3. Automatic defence cuts won’t devastate the U.S. economy – and may even help it
The companies that make America‘s fighter jets, drones, and big-ticket weapons items warned in a press conference this week that a series of forced budget cuts known as “sequestration” would cost America more than 2 million jobs if it goes into effect.
Among other things, sequestration involves some $55 billion worth of automatic cuts in the defence budget. It’s set to go into effect in January unless Congress and the Obama administration can agree on a plan to curb the nation’s deficit.
defence Secretary Leon Panetta has warned that such cuts would have dire effects on U.S. national security.
Moreover, the cuts would reduce America’s gross domestic product by $215 billion, says Stephen Fuller, an economist at George Mason University who works with the Aerospace Industries Association. “The results are bleak but clear-cut,” he said. “The unemployment rate will climb above 9 per cent, pushing the economy toward recession and reducing projected growth in 2013 by two-thirds.”
It’s not an uncommon view. Travis Sharp, a fellow at the centre for a New American Security, which has close ties to the Obama administration, warns that sequestration will “most definitely have negative impacts on employment and on workers in the defence industrial base.”
He worries, too, about the impact on defence research-and-development dollars, something he fears will be disproportionately affected by sequestration cuts. “A lot of the things that people use every day started out as research projects at the DOD,” he says, citing, for example, the Internet.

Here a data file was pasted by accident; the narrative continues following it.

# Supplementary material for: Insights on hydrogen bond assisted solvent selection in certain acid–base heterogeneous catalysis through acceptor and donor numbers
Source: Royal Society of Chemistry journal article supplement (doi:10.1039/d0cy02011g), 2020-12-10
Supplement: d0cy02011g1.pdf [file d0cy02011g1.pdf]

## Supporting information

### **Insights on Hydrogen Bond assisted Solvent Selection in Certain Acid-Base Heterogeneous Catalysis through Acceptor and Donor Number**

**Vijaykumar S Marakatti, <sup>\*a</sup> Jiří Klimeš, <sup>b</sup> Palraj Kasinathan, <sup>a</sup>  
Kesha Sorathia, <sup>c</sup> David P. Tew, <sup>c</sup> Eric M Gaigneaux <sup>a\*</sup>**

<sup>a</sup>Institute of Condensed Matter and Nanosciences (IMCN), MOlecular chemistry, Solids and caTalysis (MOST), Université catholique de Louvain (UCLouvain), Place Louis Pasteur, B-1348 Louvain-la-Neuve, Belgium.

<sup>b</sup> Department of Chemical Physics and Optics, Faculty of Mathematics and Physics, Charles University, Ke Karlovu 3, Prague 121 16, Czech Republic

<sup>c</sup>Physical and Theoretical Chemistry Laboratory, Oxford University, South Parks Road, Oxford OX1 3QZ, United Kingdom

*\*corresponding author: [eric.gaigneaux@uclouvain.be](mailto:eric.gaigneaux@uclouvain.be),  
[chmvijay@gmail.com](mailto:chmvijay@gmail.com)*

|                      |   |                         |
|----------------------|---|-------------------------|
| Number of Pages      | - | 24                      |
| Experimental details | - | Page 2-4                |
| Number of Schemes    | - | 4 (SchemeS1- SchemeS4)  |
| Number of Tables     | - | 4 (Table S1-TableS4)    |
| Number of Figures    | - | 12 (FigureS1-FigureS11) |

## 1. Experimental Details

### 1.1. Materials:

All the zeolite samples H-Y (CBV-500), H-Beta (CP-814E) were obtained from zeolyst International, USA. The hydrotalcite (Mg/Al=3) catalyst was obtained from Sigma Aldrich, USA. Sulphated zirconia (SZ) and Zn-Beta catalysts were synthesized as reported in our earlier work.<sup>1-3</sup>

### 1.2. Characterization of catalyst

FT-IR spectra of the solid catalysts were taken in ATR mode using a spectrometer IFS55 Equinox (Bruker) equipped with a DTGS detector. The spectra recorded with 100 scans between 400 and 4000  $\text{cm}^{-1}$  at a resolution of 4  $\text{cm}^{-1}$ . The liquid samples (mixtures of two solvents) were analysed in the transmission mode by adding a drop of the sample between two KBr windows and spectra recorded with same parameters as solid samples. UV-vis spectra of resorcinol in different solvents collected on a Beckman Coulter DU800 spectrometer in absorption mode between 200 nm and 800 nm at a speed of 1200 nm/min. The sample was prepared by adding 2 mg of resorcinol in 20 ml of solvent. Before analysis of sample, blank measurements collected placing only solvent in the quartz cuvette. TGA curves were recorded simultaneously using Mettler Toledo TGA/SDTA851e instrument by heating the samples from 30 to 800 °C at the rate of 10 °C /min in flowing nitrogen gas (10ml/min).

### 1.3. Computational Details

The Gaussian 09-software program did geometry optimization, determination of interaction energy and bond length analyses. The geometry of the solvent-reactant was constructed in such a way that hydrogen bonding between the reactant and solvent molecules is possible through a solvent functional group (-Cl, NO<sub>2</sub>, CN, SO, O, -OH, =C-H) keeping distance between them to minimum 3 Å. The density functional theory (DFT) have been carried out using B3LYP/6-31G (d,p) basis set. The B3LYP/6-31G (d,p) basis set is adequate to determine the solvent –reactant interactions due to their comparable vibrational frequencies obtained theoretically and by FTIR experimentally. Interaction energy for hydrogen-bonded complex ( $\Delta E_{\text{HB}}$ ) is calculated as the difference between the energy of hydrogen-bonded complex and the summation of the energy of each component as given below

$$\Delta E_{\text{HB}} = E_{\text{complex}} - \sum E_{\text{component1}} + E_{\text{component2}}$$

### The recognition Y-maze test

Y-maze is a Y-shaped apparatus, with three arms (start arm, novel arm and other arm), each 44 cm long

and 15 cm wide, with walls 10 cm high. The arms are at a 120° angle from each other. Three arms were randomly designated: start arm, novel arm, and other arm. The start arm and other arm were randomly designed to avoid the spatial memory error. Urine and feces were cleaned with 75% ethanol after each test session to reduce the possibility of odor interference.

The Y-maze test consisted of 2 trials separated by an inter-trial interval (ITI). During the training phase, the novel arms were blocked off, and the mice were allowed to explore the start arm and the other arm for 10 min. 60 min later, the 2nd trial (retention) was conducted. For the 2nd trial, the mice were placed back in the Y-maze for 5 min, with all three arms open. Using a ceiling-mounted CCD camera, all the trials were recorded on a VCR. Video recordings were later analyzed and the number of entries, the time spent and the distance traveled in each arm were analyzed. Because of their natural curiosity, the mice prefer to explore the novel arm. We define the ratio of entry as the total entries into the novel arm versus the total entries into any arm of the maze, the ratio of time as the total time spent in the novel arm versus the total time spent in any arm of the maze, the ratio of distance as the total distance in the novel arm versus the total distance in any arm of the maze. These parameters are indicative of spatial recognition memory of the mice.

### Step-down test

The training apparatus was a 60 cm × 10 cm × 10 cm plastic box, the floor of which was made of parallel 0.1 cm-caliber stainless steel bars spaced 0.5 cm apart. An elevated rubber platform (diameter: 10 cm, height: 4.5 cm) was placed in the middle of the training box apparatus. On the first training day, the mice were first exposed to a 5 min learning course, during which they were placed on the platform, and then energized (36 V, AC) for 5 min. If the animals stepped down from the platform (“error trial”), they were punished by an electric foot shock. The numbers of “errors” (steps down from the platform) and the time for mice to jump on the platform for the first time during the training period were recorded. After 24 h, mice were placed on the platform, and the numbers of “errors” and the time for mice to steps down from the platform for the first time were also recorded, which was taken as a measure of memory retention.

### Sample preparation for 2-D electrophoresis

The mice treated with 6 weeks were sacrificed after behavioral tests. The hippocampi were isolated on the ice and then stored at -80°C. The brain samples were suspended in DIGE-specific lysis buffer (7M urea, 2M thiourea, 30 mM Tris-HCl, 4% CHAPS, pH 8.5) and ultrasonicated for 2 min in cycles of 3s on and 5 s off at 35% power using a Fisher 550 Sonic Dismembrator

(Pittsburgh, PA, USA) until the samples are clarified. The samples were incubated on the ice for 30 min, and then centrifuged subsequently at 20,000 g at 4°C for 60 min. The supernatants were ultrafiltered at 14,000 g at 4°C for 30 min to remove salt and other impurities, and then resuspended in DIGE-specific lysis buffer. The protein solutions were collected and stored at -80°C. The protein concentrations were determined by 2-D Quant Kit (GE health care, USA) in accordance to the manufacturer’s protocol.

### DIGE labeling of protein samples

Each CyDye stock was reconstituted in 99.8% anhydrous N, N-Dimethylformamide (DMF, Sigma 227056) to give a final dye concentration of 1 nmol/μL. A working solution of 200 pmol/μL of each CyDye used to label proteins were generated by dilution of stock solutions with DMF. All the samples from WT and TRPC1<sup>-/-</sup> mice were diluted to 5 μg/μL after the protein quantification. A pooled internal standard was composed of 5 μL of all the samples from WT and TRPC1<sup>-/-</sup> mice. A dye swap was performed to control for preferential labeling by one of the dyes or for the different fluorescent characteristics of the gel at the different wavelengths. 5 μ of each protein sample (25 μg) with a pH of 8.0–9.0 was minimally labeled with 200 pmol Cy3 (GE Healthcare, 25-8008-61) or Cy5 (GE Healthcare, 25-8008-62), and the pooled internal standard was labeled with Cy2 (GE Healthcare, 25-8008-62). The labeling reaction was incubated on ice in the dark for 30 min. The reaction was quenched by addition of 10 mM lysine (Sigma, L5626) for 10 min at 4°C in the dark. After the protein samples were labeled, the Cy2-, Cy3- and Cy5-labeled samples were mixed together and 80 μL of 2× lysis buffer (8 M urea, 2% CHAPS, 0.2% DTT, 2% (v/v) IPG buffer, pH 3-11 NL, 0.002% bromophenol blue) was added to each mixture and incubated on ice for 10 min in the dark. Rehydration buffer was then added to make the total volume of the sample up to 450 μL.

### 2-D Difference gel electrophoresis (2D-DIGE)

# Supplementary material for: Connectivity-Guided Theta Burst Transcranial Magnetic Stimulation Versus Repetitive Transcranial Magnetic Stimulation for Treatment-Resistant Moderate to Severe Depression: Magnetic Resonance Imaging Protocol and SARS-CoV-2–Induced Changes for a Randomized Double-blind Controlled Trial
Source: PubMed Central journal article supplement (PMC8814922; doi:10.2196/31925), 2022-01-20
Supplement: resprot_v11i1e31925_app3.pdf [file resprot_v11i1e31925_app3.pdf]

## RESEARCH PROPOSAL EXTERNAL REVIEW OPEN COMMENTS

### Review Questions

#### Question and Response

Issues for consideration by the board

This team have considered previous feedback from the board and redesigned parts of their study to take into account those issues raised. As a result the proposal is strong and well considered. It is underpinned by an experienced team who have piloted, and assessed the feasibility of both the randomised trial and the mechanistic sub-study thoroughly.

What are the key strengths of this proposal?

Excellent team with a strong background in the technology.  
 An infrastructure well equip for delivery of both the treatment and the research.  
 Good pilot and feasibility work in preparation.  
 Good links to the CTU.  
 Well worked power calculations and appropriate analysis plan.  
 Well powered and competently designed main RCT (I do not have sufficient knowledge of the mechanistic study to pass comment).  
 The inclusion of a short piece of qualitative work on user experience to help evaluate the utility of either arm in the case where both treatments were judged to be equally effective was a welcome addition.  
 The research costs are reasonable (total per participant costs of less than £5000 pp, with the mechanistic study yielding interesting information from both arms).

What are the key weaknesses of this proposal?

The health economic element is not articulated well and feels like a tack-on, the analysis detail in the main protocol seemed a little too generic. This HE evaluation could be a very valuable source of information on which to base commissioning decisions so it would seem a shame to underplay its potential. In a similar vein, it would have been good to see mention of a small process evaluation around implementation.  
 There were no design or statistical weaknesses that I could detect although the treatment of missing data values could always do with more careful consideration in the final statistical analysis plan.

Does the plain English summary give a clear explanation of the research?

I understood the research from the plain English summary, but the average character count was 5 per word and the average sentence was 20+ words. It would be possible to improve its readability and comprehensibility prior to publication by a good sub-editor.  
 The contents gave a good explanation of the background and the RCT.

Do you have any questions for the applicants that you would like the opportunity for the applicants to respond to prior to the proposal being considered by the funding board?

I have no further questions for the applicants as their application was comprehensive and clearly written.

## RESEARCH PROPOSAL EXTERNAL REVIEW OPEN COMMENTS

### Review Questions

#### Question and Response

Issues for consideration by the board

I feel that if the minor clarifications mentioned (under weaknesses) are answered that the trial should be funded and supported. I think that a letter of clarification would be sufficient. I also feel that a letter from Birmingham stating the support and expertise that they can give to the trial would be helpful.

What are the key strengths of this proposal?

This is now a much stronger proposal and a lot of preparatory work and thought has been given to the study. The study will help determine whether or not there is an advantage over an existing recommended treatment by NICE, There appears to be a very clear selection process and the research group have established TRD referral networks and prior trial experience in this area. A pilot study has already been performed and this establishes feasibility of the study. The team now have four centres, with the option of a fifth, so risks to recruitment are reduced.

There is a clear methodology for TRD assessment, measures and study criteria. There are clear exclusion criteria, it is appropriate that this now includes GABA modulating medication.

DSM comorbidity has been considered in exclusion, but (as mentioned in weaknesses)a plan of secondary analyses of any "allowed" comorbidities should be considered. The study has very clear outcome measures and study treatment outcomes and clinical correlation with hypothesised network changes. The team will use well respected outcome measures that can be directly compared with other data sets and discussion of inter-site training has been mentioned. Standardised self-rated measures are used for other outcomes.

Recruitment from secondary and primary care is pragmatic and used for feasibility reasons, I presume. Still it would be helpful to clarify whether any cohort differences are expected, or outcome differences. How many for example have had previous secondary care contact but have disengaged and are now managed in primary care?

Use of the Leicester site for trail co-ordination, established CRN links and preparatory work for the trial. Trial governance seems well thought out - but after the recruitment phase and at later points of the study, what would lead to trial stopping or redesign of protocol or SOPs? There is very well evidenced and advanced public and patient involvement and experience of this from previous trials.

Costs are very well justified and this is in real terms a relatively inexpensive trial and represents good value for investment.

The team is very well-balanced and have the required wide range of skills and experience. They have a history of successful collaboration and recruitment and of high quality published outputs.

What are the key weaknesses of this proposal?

Others, however, say it’s a good idea to keep the budget cuts in perspective. The DOD base budget under sequestration would be $469 billion – about what the Pentagon spent in 2006, when it was in the middle of fighting wars in both Iraq and Afghanistan. It was “not exactly a lean year for the Pentagon,” Dr. Preble notes.
Indeed, many of the predictions are overly dire, says Preble, who has studied regions that have experienced reductions in military spending in the past. Cuts initiated after the fall of the Berlin Wall in 1989 “were far deeper and faster than what we’re contemplating under sequestration,” he says.
Still, after an initial economic impact, those communities closely tied to the defence sector nonetheless “recovered quite quickly and prospered with a more diversified economy,” Preble says. “So the question really comes down to, How long is that economic adjustment process?” Research indicates that the effects are most dramatic the year they happen, then decline dramatically over time.
As for claims that defence cuts would mean millions of lost jobs? “That seems implausible considering that the cuts would amount to less than 3/10s of 1 per cent of GDP,” Preble says. “More to the point, the defence budget should never be seen as a jobs program.”